This chapter offers in-depth looks at the two basic types of bolton supercharger systems: Roots/ screw-type compressors that replace the intake manifold and centrifugal systems that mount to the engine’s front accessory-drive system. Both systems are typical in that they are delivered with all of the components and hardware required for installation, including fuel-system upgrades such as fuel injectors. (See Chapter 4 for general information on important details such as fascia removal, fuel-pressure relief, the importance of spark plug selection, and “pinning” the crankshaft).
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It’s important to note that while this chapter provides a detailed look at the typical procedures involved with the installations, not every step or process is outlined. In other words, it is no substitute for the manufacturer’s assembly manual, which should be followed to the letter.
Project 1: Roots/Screw-Type Supercharger Kit
This project involves the installation of a MagnaCharger kit on a 2008 Pontiac G8 GT (LS2 6.0-liter engine). The kit consists of an MP 1900 (1.9- liter displacement) compressor (see Chapter 2) and liquid-to-air intercooling system. It includes almost every piece of hardware required for installation, including a plug-in flash tuner.
Although this project illustrates the installation on the Pontiac G8 GT, the procedures and methods are largely the same for all Magna Charger kits for LS-powered vehicles; and they are very similar to the steps required to install a screw-type blower kit. In the broadest terms, the installation requires the following:
- Replacing the stock intake manifold with the supercharger compressor/manifold assembly
- Swapping the throttle body onto the supercharger system
- Mounting the intercooler’s heat exchanger and routing its hoses and hardware
- Replacing the serpentine drive belt in order to accommodate the supercharger drive pulley
- Installing higher-capacity fuel injectors (and any other fuel system enhancements)
- Uploading a revised engine calibration program to the engine controller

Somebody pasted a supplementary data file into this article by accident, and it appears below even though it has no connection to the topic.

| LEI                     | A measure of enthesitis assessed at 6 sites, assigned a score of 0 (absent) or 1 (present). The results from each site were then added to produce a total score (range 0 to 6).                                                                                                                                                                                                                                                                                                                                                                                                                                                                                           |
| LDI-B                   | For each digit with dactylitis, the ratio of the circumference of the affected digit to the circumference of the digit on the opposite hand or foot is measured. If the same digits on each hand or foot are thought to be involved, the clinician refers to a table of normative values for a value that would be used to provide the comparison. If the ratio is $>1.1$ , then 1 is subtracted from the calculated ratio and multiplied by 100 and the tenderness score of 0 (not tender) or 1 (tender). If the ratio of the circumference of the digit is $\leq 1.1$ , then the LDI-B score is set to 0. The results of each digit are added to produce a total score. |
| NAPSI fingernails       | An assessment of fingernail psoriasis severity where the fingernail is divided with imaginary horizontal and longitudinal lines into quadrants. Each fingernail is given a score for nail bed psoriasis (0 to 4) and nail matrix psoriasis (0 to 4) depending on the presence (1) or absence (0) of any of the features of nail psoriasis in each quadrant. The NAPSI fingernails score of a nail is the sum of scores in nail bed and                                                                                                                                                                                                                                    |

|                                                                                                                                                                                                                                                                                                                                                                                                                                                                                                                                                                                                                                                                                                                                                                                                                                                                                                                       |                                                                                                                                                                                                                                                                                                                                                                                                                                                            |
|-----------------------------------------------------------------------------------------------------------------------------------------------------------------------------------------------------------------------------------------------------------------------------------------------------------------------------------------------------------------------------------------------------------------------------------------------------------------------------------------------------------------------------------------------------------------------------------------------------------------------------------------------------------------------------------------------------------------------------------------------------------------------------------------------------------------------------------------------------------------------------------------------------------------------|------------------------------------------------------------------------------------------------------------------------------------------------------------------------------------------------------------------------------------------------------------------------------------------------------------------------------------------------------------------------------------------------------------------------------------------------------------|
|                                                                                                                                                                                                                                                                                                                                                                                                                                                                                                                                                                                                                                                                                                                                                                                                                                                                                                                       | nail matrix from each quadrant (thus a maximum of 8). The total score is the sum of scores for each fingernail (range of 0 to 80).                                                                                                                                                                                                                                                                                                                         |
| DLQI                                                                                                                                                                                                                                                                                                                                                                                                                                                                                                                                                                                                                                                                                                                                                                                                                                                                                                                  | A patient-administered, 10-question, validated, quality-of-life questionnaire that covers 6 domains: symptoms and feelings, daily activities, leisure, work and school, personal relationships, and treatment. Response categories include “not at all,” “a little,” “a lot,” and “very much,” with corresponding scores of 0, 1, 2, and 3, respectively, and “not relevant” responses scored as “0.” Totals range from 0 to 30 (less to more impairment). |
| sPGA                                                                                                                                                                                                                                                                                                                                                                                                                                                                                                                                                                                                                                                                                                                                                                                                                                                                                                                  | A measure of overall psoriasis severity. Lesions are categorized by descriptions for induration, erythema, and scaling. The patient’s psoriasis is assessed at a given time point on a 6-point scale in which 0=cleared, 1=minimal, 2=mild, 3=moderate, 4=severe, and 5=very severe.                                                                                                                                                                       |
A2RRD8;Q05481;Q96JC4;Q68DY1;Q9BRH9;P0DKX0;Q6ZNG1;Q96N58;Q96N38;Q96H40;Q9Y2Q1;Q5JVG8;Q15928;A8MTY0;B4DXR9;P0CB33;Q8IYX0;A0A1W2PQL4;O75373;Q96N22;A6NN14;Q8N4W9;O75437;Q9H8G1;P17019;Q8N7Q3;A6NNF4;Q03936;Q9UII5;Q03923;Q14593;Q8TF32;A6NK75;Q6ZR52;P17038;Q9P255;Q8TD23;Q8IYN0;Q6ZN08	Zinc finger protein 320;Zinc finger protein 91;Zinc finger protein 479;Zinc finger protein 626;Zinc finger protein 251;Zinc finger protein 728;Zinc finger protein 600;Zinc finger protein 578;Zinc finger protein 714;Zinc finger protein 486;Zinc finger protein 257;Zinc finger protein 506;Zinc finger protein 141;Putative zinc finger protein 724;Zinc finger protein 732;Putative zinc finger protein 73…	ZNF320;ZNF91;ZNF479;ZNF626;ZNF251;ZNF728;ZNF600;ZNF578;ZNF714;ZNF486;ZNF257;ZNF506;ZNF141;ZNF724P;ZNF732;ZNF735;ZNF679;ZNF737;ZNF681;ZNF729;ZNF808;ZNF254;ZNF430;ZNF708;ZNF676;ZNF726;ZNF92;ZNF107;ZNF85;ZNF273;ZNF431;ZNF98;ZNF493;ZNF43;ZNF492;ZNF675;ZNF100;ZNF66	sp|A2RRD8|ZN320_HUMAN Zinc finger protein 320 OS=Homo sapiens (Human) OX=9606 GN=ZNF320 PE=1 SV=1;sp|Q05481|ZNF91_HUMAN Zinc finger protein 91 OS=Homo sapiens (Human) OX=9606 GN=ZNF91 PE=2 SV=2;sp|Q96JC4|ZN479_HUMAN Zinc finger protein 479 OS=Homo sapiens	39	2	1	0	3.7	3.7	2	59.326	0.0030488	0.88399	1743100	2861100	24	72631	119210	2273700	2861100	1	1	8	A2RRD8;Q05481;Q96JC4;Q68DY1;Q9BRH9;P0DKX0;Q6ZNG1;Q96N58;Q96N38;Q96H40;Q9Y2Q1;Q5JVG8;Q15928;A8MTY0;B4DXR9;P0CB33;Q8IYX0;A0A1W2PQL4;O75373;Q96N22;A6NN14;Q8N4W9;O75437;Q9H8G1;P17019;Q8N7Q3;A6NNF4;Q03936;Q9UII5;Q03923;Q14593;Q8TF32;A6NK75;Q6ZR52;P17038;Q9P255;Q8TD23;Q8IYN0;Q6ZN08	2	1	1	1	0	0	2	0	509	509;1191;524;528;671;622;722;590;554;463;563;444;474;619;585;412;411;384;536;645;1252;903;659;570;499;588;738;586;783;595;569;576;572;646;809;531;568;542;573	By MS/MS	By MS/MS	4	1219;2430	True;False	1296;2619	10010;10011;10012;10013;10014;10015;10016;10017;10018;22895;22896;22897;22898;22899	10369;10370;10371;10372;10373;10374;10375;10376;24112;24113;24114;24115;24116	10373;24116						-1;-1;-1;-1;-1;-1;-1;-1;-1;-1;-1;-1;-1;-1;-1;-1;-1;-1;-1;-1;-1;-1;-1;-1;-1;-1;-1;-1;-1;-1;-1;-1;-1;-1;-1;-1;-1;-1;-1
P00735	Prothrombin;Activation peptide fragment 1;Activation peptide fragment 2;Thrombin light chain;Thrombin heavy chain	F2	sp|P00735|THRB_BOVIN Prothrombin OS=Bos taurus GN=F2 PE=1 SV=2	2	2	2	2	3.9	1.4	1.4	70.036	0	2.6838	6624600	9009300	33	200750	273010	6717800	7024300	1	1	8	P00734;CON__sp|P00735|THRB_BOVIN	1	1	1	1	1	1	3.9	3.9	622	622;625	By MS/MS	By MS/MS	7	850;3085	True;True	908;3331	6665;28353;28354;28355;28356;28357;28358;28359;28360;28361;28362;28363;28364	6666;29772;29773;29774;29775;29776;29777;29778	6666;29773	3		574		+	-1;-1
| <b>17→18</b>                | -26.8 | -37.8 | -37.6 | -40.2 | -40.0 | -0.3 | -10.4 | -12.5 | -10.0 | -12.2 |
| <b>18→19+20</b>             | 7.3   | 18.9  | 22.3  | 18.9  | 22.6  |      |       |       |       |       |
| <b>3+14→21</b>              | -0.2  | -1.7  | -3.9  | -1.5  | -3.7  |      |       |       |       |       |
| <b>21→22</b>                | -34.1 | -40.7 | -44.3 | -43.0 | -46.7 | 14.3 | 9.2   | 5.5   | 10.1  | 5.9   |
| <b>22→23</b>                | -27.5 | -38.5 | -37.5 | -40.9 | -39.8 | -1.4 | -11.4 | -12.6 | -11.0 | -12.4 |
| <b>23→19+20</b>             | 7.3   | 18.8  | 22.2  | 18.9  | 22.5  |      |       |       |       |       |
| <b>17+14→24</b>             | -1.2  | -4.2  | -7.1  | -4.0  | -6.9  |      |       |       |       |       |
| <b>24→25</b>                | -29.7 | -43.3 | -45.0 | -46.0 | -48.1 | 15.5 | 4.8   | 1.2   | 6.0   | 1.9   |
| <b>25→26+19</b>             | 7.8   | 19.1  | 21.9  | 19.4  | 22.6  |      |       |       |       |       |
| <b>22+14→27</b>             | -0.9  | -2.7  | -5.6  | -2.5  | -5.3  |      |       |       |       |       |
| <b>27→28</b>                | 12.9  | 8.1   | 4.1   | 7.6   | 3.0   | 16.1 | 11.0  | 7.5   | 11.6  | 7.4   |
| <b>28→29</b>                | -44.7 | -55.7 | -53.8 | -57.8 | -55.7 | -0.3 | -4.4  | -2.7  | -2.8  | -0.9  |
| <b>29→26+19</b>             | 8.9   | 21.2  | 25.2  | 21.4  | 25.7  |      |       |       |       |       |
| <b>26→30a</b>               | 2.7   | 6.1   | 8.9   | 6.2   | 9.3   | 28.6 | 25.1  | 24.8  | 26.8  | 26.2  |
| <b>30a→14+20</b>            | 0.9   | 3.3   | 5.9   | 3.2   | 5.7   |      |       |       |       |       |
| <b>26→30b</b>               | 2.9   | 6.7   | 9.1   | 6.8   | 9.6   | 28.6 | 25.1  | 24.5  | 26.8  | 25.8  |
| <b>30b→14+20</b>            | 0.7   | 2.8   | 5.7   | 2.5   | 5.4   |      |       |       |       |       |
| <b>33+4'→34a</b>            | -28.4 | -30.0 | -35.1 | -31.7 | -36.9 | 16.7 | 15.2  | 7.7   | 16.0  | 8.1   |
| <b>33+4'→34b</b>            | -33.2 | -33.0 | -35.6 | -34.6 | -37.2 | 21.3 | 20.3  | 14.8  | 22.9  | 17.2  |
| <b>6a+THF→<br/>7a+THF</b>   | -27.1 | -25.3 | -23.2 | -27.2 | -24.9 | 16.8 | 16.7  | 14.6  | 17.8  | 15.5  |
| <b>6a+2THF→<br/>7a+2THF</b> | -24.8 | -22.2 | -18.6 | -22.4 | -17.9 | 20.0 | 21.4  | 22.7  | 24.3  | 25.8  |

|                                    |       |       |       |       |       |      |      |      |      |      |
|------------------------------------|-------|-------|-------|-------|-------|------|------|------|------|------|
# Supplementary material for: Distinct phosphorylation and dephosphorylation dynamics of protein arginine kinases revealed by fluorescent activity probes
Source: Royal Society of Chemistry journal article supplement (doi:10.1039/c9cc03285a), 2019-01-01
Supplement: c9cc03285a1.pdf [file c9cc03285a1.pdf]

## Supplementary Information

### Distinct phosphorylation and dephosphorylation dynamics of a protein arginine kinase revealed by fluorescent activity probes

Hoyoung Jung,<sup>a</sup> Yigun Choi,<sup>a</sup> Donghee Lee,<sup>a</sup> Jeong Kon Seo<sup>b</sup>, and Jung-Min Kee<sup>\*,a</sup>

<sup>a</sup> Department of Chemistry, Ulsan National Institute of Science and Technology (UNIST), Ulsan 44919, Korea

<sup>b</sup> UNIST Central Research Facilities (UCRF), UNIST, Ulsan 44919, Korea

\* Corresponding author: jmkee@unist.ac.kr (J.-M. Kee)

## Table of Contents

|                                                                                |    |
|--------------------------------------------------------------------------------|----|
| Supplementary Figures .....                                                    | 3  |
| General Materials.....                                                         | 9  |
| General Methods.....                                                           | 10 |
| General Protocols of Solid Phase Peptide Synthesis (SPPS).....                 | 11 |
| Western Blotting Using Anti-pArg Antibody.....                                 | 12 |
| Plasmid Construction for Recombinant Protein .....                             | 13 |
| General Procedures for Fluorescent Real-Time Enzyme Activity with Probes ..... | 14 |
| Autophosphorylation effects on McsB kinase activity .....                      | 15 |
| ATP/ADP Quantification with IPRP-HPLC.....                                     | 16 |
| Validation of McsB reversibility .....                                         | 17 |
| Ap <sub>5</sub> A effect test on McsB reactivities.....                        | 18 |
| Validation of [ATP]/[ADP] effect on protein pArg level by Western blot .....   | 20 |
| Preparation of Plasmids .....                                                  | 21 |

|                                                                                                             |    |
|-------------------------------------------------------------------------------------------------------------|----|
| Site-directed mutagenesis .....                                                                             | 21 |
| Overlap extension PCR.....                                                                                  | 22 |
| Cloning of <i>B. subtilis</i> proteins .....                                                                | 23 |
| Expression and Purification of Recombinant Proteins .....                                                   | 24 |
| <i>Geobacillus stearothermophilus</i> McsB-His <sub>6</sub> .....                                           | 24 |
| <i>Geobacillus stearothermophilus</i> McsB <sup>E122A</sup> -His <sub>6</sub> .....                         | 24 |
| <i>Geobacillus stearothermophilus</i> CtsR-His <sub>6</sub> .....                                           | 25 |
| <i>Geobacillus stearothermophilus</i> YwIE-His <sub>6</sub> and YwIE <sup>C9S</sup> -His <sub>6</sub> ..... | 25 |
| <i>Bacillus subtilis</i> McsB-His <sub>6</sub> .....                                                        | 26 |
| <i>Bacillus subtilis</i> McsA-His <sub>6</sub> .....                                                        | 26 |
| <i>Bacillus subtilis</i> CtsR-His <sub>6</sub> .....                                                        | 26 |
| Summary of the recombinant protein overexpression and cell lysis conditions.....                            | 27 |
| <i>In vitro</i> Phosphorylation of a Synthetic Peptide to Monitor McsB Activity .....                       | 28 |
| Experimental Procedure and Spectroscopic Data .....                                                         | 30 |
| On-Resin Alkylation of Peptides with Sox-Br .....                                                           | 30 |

As is the case with most contemporary Roots/screw-type supercharger kits, the Magna Charger system is delivered with the compressor premounted to the intake manifold. This greatly enhances the speed and ease of the installation. It also reveals the only significant downside to the project: additional mass. The lightweight, composite factory intake manifold weighs next to nothing, but bolting on the Magna Charger compressor/manifold assembly adds about 50 pounds over the front axle of the vehicle. Under boost, those extra pounds disappear, but it’s not an inconsequential consideration, particularly on finely balanced cars like the Corvette.
Generally speaking, the quality and completeness of the Magna Charger kit is exceptional. It is a bolt-on system in the very best sense of the term, requiring little fabrication and mostly common hand tools. In the case of this G8 project car, no additional fuel system enhancements were required, apart from the supplied, higher-rate injectors; and the self-contained lubrication system eliminates an entire procedure that some other kits may require. In fact, an experienced technician should be able to install the kit within a day— with additional time required for proper tuning and evaluation. The same cannot be said for most bolt-on turbocharger systems, which require considerably longer labor time (see Chapter 6).
The installation outlined here was performed at Dearborn Heights, Michigan-based Livernois Motorsports, with tuning completed by Dan Millen, using the company’s recently introduced X-Treme Cal Tuning software (see Chapter 7). On Livernois’ chassis dyno, the otherwise-stock Pontiac G8 GT recorded 423 hp and 401 ft-lbs of torque at the rear wheels, with a peak of approximately 8 pounds of boost. That represents an increase of more than 35 percent in horsepower versus the stock 312-hp rating and about 20-percent more torque than the baseline 312-ft-lbs rating.
Millen indicated the G8 would have seen a greater response, but the supercharged airflow was hampered at the back end by the stock exhaust system.
“At the very least, a cat-back-style system is needed when you add a supercharger,” he said. “Headers and high-flow cats help greatly, too, to uncork the exhaust, because supercharged engines don’t need much backpressure to make the most power.”